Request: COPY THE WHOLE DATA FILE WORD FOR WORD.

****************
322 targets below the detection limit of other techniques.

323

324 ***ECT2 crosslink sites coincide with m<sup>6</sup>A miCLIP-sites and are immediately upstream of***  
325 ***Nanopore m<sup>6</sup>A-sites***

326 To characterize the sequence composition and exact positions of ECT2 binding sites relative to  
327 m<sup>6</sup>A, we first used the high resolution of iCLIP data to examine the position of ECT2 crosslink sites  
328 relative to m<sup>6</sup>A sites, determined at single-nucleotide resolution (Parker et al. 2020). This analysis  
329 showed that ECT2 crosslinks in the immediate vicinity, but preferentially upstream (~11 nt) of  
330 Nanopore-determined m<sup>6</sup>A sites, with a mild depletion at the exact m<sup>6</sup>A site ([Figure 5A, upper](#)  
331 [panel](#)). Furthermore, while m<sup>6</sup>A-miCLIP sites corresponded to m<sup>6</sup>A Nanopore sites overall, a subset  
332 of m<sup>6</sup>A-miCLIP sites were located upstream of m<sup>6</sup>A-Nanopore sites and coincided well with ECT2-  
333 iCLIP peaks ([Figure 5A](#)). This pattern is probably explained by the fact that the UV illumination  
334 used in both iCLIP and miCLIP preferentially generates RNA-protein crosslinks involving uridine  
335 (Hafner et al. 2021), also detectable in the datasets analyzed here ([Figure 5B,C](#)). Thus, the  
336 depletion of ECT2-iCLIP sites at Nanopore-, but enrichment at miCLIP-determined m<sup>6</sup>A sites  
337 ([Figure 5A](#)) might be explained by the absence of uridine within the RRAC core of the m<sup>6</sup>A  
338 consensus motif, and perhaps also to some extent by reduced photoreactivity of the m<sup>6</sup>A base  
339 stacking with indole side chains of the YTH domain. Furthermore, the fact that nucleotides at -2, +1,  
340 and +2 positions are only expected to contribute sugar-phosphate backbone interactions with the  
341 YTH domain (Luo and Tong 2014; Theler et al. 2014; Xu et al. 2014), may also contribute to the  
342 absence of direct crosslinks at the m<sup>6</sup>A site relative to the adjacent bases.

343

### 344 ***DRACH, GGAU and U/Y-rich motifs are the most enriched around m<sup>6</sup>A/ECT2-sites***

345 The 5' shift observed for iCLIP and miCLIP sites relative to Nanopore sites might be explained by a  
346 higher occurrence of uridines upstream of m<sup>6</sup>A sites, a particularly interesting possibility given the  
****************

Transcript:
322 targets below the detection limit of other techniques.

323

324 ***ECT2 crosslink sites coincide with m<sup>6</sup>A miCLIP-sites and are immediately upstream of***  
325 ***Nanopore m<sup>6</sup>A-sites***

326 To characterize the sequence composition and exact positions of ECT2 binding sites relative to  
327 m<sup>6</sup>A, we first used the high resolution of iCLIP data to examine the position of ECT2 crosslink sites  
328 relative to m<sup>6</sup>A sites, determined at single-nucleotide resolution (Parker et al. 2020). This analysis  
329 showed that ECT2 crosslinks in the immediate vicinity, but preferentially upstream (~11 nt) of  
330 Nanopore-determined m<sup>6</sup>A sites, with a mild depletion at the exact m<sup>6</sup>A site ([Figure 5A, upper](#)  
331 [panel](#)). Furthermore, while m<sup>6</sup>A-miCLIP sites corresponded to m<sup>6</sup>A Nanopore sites overall, a subset  
332 of m<sup>6</sup>A-miCLIP sites were located upstream of m<sup>6</sup>A-Nanopore sites and coincided well with ECT2-  
333 iCLIP peaks ([Figure 5A](#)). This pattern is probably explained by the fact that the UV illumination  
334 used in both iCLIP and miCLIP preferentially generates RNA-protein crosslinks involving uridine  
335 (Hafner et al. 2021), also detectable in the datasets analyzed here ([Figure 5B,C](#)). Thus, the  
336 depletion of ECT2-iCLIP sites at Nanopore-, but enrichment at miCLIP-determined m<sup>6</sup>A sites  
337 ([Figure 5A](#)) might be explained by the absence of uridine within the RRAC core of the m<sup>6</sup>A  
338 consensus motif, and perhaps also to some extent by reduced photoreactivity of the m<sup>6</sup>A base  
339 stacking with indole side chains of the YTH domain. Furthermore, the fact that nucleotides at -2, +1,  
340 and +2 positions are only expected to contribute sugar-phosphate backbone interactions with the  
341 YTH domain (Luo and Tong 2014; Theler et al. 2014; Xu et al. 2014), may also contribute to the  
342 absence of direct crosslinks at the m<sup>6</sup>A site relative to the adjacent bases.

343

### 344 ***DRACH, GGAU and U/Y-rich motifs are the most enriched around m<sup>6</sup>A/ECT2-sites***

345 The 5' shift observed for iCLIP and miCLIP sites relative to Nanopore sites might be explained by a  
346 higher occurrence of uridines upstream of m<sup>6</sup>A sites, a particularly interesting possibility given the  